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View Diary: Why Do Fundy Christians Love the Rich and Hate the Poor? (324 comments)

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  •  Yeah, they tend to be Foursquare evangelicals (1+ / 0-)
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    though they do perform works, regardless of their belief that salvation is through faith alone. What's the work around for Galatians 2:16, btw? Paul seems to have been pretty clear on this.

    I never liked you and I always will.

    by Ray Blake on Thu Dec 27, 2012 at 07:42:45 PM PST

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    •  Conflicting opinions in the NT, (0+ / 0-)

      Just like the "workarounds" for everything else in the Bible.  Galatians verse you cute says you need faith to be justified, and there are multiple interpretations of what it means to be justified, exactly (otherwise why not use the word salvation, if salvation is what you mean).

      Some people don't believe that Paul was the ultimate authority, especially since he's likely not the author of some of the works attributed to him.  

      Also as you mentioned, "faith without works is dead."

      Nothing is as evilly imaginative as the mind of a teenage gamer. -- Sychotic1

      by Sarea on Thu Dec 27, 2012 at 07:58:32 PM PST

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      •  There's always the matter of translation as well (1+ / 0-)
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        What's the Greek for salvation and justification? Is there a distinction? Aren't Christians saved when they accept Jesus as their savior? James gives the example that faith is dead if you don't help the destitute. Paul is talking about the law, but this seems to be another example of the Paul/Peter split. Paul wants to save the gentiles and doesn't want the law to be a barrier. James is old school Jerusalem, like Peter. And I suspect, more like Jesus.

        I never liked you and I always will.

        by Ray Blake on Thu Dec 27, 2012 at 08:59:01 PM PST

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        •  The book of James was possibly written by (0+ / 0-)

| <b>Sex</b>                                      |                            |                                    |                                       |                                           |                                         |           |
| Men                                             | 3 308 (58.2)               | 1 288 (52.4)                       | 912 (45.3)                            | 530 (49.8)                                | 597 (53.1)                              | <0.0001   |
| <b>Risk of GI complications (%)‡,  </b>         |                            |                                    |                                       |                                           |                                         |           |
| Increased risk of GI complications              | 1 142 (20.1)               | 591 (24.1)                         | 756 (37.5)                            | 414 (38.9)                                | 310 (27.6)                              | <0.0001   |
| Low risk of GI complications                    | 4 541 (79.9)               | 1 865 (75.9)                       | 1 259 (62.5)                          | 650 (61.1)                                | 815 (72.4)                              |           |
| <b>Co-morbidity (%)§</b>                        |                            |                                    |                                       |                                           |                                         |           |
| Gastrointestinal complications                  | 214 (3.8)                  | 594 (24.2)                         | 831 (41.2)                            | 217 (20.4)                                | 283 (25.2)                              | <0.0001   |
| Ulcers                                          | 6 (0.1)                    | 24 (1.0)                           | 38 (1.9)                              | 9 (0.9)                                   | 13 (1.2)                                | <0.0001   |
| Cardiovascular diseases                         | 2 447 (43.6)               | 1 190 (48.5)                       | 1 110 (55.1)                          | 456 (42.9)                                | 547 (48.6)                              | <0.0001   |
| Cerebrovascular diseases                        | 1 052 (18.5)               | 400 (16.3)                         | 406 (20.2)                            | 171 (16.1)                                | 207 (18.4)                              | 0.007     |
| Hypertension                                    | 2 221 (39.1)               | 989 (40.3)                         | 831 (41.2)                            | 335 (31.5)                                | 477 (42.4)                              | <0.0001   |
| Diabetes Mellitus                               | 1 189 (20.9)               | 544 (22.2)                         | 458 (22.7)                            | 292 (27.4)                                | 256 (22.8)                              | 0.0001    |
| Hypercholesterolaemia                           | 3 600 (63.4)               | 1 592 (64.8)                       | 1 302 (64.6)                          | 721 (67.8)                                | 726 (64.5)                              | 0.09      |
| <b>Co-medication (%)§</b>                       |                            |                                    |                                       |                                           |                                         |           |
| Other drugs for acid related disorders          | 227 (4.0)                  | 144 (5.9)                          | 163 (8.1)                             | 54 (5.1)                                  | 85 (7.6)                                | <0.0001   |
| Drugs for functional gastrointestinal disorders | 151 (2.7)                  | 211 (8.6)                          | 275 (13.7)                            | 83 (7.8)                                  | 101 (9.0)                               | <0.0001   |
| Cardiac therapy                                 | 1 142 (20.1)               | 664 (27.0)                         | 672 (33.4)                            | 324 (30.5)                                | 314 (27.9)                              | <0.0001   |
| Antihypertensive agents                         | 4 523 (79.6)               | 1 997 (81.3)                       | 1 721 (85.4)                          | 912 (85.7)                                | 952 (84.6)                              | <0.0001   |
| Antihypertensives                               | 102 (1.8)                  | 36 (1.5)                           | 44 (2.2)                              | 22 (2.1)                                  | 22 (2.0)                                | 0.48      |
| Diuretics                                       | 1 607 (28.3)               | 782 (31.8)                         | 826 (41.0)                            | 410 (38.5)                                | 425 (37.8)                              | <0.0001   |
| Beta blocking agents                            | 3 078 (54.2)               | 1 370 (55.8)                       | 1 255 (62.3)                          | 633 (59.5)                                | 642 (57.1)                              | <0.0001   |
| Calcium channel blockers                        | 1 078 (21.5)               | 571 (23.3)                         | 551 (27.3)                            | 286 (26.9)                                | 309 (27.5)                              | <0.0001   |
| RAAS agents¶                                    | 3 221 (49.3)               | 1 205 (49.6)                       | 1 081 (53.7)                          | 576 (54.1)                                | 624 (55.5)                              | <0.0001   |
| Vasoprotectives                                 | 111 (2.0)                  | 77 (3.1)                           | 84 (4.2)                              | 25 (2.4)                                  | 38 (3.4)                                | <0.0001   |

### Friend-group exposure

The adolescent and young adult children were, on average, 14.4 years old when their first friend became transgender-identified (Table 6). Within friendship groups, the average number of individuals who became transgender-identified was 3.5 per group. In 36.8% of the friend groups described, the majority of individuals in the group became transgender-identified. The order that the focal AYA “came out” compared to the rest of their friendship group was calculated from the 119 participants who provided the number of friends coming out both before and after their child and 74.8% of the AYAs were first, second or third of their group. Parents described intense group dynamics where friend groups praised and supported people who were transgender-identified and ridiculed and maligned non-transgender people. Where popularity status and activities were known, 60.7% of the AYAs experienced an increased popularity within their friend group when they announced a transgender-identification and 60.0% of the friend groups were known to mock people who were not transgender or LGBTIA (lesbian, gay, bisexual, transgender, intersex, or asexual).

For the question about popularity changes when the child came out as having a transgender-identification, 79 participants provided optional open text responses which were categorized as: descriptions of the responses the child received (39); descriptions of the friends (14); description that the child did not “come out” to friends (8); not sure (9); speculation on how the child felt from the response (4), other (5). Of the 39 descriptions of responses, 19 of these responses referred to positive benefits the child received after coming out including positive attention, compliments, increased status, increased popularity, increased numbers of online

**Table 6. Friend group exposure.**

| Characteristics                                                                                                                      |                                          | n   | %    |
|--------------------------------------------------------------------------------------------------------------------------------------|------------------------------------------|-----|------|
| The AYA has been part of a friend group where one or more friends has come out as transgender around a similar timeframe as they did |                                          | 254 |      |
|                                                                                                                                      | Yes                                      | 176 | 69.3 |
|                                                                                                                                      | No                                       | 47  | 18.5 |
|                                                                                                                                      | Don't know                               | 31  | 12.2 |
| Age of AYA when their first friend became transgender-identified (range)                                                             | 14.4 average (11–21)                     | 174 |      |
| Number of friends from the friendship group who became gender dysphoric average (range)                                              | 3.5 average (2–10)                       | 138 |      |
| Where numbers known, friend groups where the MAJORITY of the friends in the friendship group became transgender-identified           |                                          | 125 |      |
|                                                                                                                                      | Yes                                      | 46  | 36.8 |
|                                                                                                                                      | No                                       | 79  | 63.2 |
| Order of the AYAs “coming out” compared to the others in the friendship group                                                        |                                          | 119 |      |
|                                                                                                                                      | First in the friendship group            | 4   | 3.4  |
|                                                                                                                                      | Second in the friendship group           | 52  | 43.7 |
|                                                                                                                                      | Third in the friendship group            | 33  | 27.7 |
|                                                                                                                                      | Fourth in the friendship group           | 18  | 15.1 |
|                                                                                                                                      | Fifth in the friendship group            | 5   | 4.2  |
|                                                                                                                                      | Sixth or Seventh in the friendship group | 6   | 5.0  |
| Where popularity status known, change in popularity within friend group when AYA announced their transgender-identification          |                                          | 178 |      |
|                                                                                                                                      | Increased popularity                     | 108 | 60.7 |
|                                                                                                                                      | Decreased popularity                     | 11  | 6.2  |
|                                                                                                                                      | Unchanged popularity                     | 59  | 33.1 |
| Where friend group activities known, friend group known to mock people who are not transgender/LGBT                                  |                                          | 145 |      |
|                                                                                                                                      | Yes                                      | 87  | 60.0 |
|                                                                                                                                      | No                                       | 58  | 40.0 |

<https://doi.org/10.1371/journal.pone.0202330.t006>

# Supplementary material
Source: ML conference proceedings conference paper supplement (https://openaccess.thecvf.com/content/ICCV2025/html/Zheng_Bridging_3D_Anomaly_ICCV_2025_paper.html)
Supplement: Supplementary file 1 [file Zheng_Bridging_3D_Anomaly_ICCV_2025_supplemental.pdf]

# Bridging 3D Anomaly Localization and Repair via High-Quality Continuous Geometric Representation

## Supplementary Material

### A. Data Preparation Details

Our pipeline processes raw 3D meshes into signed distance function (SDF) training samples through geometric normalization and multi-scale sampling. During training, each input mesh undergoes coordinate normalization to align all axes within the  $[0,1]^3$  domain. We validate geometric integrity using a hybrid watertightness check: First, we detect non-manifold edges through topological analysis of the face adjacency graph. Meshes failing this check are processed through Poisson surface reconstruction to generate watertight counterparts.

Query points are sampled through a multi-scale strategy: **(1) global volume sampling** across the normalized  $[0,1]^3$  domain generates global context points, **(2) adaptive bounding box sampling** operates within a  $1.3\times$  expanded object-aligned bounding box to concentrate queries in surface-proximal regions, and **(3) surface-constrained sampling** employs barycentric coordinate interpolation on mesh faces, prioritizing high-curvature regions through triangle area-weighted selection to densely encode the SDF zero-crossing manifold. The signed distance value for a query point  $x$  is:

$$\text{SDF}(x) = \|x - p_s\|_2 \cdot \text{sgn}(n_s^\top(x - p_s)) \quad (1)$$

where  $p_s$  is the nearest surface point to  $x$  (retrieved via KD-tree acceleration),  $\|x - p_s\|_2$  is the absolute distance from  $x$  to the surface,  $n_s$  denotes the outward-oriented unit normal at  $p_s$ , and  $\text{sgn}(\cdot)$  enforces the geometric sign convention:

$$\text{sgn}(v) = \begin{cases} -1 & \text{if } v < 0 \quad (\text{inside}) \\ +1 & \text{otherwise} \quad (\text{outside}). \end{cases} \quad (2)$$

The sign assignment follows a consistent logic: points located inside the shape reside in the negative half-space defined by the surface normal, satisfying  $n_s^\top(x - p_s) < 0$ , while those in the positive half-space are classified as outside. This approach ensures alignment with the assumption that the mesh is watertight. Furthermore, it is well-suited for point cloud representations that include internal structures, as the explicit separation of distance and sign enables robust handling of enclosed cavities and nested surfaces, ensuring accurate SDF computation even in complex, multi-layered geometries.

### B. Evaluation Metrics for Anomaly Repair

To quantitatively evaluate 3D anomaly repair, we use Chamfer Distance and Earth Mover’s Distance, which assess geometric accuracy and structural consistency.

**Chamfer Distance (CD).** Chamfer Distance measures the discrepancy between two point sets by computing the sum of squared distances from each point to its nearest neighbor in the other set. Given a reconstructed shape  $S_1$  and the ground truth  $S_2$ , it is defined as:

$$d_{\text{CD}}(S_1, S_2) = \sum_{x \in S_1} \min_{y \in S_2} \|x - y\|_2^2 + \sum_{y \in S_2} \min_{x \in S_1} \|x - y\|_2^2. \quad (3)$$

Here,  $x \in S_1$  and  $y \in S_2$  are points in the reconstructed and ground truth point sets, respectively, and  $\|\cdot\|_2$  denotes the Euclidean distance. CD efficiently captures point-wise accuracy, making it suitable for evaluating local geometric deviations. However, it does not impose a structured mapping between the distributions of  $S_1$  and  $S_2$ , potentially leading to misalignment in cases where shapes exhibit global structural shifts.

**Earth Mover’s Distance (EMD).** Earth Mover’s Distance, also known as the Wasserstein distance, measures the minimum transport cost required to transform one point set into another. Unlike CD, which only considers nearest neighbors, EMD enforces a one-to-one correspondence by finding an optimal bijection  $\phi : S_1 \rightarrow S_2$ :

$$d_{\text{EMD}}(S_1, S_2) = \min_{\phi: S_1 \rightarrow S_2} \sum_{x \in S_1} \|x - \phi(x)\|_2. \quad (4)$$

James, the brother of Jesus.  This is not a certainty, but James was the leader of the Jerusalem church after the death of his brother, and the book of James teaches a Christianity that is based on Judaism, as was Jesus' teachings.  James' salvation by good works reflects what Jesus taught.  Paul's salvation by faith alone does not.  

          Paul had very little to say about Jesus.  He never met Jesus in life.  His only (alleged) contact with Jesus was in a vision.  Only Paul knows for sure whether or not he had that vision, and God only knows if it was the result of a divine revelation or a psychological or physical trauma to the brain of Paul.

          Visions are very convenient devices for one who claims a "revelation," especially when the revelation contradicts real life.

          In real life Jews (and Jewish Christians) were bound by the dietary laws of Moses.  But Peter had what?  A vision.  The vision authorized Christians to eat what theretofore had been prohibited.  Peter was the only witness to this vision, and although it contradicted everything that Jewish Christians had been taught in real life, it was accepted by gentile Christians as authoritative, and the beliefs of Jewish Christians were slowly marginalized to the point of demonization of the Jews by gentile Christians.

          The gospels would be much more persuasive to me had they been written somewhat contemporaneously with Jesus - or Paul, for that matter, by Jewish Christians who worshipped much like Jesus, rather than decades later - the gospel of John 90 years later - by Greek-speaking gentile Christians.  

          That's a lot of time to decide whether to document only words spoken by Jesus as passed down by oral tradition in his own community, or whether to supplement them to reflect faith as it existed at the time and in the communities in which the gospels were written.

          And who the hell is Grover Norquist???

          by ZedMont on Fri Dec 28, 2012 at 11:06:45 AM PST

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